ATLANTA - The University System of Georgia is poised to add a new advanced degree in cybersecurity.
The Board of Regents’ Academic Affairs Committee voted Thursday to establish a master’s degree program in cybersecurity and privacy at the University of Georgia. If approved by the full board next week, the program would take effect April 14.
The UGA program would focus on the privacy concerns that have accompanied the growth of the cybersecurity industry, Martha Venn, the university system’s vice chancellor for academic affairs, told members of the committee during a meeting conducted by telephone.
Concerns over online privacy have been heightened during the coronavirus pandemic, as businesses and government agencies have become more reliant on communicating via the internet. For example, Google this week banned its employees from using the teleconferencing platform Zoom due to security concerns.
“We consider this a growing, emerging field,” Venn said. “We believe it will be a program that will attract a lot of students.”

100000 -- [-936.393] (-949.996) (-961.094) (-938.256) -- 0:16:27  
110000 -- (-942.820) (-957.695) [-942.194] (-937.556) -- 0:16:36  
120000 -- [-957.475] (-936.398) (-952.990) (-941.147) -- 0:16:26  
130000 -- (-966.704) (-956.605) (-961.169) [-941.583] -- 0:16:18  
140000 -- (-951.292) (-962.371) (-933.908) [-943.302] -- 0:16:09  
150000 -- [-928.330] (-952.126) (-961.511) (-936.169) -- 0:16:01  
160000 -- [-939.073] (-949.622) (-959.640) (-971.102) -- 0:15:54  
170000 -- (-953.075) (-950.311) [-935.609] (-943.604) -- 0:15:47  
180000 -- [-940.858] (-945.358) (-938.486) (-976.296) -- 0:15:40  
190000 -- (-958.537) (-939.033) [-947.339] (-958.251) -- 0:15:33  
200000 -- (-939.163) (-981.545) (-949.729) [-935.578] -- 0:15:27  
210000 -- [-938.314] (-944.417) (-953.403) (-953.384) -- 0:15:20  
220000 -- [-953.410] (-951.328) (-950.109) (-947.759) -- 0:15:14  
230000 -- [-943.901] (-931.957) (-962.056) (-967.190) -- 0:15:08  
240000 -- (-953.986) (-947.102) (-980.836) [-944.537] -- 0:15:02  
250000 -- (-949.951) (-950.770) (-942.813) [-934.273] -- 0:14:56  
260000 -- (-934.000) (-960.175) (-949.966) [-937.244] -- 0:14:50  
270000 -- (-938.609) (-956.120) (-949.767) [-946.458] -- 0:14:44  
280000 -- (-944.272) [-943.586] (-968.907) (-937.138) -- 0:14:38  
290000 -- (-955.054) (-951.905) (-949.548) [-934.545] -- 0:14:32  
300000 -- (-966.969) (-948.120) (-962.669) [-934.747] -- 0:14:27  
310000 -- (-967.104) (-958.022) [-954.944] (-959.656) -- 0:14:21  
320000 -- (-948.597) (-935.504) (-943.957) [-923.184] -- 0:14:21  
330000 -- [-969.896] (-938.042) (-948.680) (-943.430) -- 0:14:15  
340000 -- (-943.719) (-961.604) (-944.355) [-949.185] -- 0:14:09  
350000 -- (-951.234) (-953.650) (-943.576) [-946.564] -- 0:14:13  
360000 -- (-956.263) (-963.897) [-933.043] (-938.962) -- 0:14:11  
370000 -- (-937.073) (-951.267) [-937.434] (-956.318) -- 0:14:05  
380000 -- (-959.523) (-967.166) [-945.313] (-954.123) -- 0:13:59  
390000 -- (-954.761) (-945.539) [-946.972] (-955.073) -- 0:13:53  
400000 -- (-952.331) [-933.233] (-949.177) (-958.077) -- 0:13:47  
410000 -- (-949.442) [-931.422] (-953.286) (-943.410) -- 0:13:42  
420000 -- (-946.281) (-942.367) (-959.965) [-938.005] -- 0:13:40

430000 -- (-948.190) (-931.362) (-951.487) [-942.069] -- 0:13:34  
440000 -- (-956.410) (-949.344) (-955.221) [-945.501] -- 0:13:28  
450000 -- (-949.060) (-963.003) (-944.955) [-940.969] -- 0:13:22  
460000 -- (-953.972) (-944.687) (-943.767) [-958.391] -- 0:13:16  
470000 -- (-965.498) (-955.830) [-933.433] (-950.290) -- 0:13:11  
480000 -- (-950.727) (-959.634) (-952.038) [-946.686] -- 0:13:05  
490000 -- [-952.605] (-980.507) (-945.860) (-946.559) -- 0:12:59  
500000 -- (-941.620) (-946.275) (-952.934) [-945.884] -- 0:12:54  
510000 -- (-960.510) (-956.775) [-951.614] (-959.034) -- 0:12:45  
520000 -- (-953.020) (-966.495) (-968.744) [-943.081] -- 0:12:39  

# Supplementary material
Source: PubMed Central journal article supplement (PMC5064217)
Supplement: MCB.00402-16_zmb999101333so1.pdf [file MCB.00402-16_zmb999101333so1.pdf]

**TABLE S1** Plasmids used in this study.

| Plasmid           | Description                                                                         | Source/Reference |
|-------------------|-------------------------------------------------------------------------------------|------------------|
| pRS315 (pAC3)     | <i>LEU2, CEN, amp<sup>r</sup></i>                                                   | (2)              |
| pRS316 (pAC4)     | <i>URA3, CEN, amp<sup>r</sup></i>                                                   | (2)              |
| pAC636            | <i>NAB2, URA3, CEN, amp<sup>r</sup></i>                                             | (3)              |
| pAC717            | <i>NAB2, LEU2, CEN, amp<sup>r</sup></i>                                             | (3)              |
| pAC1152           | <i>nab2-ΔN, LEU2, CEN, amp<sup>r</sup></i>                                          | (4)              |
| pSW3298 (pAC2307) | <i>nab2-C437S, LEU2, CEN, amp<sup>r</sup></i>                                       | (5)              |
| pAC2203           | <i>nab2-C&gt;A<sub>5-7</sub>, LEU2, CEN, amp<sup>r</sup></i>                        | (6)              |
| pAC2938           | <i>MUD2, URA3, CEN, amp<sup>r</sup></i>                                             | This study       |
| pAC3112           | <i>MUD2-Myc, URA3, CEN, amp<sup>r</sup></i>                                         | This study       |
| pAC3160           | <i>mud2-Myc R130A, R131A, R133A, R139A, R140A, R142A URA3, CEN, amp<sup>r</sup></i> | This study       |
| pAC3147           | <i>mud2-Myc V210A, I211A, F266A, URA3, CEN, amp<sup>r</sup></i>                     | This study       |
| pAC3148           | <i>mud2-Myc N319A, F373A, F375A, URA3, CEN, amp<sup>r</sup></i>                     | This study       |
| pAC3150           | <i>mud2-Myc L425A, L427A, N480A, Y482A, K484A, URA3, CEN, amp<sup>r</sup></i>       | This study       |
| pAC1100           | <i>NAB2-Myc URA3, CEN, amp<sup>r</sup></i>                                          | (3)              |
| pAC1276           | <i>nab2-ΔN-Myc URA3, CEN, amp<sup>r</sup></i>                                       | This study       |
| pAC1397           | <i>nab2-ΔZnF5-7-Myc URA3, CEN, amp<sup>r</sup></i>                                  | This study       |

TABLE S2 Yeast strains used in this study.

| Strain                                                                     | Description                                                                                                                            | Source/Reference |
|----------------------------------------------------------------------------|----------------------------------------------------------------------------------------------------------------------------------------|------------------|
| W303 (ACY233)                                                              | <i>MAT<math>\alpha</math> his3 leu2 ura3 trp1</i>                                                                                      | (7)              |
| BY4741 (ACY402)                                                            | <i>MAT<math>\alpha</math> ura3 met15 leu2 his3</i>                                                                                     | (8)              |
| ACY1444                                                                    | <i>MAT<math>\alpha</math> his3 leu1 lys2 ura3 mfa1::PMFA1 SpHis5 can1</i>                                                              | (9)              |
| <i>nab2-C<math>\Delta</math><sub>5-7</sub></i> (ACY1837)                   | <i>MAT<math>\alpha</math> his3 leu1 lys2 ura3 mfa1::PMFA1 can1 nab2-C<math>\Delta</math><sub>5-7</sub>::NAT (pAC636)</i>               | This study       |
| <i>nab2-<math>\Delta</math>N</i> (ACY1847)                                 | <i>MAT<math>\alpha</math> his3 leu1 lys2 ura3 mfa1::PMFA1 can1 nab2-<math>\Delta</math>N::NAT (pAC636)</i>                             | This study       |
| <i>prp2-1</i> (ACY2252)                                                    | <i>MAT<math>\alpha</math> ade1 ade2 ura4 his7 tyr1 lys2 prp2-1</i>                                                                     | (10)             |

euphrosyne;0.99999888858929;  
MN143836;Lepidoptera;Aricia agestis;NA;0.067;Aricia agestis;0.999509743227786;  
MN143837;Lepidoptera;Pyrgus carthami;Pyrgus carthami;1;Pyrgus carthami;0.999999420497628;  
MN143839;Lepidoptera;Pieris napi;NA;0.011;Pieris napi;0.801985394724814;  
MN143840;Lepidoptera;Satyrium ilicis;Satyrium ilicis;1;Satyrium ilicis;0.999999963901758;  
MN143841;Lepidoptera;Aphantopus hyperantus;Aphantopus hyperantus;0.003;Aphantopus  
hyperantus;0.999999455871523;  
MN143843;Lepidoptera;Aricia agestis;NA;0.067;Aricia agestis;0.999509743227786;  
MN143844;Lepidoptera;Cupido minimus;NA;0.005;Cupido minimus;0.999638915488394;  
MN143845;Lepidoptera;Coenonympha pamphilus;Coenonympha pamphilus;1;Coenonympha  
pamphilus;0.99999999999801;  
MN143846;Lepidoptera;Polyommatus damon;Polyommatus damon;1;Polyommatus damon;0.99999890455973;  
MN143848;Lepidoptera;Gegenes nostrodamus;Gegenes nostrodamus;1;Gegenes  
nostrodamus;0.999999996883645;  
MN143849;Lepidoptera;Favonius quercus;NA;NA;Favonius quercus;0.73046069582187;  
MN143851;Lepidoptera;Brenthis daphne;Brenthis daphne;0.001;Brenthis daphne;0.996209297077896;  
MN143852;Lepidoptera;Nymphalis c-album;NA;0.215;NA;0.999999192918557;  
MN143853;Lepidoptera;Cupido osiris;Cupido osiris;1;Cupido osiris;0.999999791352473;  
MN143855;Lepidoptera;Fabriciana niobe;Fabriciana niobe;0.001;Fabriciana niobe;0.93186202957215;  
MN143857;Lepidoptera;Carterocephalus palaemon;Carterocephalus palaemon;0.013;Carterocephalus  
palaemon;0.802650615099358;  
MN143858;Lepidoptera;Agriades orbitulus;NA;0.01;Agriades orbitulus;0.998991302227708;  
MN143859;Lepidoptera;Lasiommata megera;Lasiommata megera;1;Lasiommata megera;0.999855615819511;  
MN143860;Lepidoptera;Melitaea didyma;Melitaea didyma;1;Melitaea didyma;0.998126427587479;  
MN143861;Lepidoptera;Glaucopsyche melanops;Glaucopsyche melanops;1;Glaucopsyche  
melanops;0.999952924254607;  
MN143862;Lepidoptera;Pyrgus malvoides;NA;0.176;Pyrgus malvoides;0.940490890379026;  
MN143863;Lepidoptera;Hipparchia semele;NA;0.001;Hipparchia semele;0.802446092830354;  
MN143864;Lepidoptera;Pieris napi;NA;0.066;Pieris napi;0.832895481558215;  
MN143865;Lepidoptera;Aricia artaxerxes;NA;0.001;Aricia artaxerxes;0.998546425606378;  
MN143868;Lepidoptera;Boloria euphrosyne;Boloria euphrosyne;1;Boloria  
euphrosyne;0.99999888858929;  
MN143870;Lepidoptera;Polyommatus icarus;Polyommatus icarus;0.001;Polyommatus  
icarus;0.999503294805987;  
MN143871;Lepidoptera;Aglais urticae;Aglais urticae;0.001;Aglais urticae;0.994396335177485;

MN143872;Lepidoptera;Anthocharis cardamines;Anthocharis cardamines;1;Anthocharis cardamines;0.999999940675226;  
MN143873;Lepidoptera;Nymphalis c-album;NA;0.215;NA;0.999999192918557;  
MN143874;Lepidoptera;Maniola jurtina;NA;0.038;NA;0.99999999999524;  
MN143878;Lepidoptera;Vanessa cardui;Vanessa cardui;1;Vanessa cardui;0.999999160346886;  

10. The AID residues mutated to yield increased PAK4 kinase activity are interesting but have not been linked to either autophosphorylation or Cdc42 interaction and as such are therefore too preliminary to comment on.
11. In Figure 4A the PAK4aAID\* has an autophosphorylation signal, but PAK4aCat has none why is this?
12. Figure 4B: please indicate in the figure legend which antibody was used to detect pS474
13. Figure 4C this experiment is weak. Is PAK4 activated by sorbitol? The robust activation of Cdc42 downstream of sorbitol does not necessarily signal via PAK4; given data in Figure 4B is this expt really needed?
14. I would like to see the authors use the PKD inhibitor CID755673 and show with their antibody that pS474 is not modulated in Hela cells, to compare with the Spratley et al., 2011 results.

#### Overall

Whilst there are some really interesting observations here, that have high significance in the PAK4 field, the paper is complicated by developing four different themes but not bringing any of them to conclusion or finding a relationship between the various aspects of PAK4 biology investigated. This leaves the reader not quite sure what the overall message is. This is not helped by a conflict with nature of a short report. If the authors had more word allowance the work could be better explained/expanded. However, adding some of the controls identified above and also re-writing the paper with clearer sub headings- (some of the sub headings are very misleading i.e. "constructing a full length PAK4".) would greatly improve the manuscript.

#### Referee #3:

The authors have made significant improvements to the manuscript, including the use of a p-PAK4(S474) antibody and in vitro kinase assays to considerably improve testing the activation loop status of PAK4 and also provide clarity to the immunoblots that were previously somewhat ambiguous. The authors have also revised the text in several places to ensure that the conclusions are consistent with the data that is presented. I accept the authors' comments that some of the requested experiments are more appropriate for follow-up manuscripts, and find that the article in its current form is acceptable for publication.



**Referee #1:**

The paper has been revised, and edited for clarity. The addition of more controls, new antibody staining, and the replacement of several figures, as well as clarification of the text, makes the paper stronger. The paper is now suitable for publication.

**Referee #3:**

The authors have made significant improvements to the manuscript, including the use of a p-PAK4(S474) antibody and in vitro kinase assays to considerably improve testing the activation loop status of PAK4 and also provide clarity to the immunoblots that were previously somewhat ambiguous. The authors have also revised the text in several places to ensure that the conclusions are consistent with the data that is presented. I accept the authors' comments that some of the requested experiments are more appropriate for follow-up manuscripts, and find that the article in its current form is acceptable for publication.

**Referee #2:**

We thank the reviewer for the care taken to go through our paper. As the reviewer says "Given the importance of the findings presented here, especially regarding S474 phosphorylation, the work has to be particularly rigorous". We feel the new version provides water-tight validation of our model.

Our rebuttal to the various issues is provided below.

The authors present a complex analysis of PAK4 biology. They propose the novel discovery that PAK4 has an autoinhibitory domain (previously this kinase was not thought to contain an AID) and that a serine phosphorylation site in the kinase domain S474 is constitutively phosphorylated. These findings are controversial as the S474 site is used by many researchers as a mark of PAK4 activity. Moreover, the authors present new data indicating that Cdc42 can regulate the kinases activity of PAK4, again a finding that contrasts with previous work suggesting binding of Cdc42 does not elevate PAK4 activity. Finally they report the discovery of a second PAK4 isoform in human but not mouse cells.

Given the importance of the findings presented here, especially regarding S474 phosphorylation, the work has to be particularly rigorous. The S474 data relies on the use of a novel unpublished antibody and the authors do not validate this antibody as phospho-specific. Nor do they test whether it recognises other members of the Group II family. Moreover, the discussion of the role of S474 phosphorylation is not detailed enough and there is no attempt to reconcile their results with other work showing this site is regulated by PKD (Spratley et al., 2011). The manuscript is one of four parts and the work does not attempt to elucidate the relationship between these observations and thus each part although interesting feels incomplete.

UGA created its Institute for Cybersecurity and Privacy in 2017 in large part to meet the needs of the new U.S. Army Cyber Command headquarters at Fort Gordon near Augusta, the National Security Agency, Georgia’s rapidly growing financial transaction processing industry and the electronic medical records industry.
The new masters program will help provide a workforce to meet the cybersecurity needs of Georgia businesses, military installations and government agencies.
The program will require 30 credit hours for completion and require full-time enrollment.
While the new UGA program would offer the university system’s first masters degree in cybersecurity with an emphasis on privacy, Georgia Tech and Columbus State University currently feature cybersecurity programs with a master of science option.
In other business Thursday, the committee approved the creation of a Parkinson’s research professorship in honor of former U.S. Sen. Johnny Isakson, R-Ga. Isakson retired at the end of last year after 20 years in Congress due to complications from Parkinson’s disease.
The University of Georgia Foundation is funding the position with a donation of nearly $1 million.
The committee also voted to dedicate $2 million provided by the Georgia Tech Foundation to establish the John W. Young Chair to honor the late summa cum laude aerospace engineering graduate who became the ninth man to walk on the moon as the commander of Apollo 16.
Young flew six missions over four decades with NASA’s Gemini, Apollo and Space Shuttle programs. He died in 2018 at the age of 87.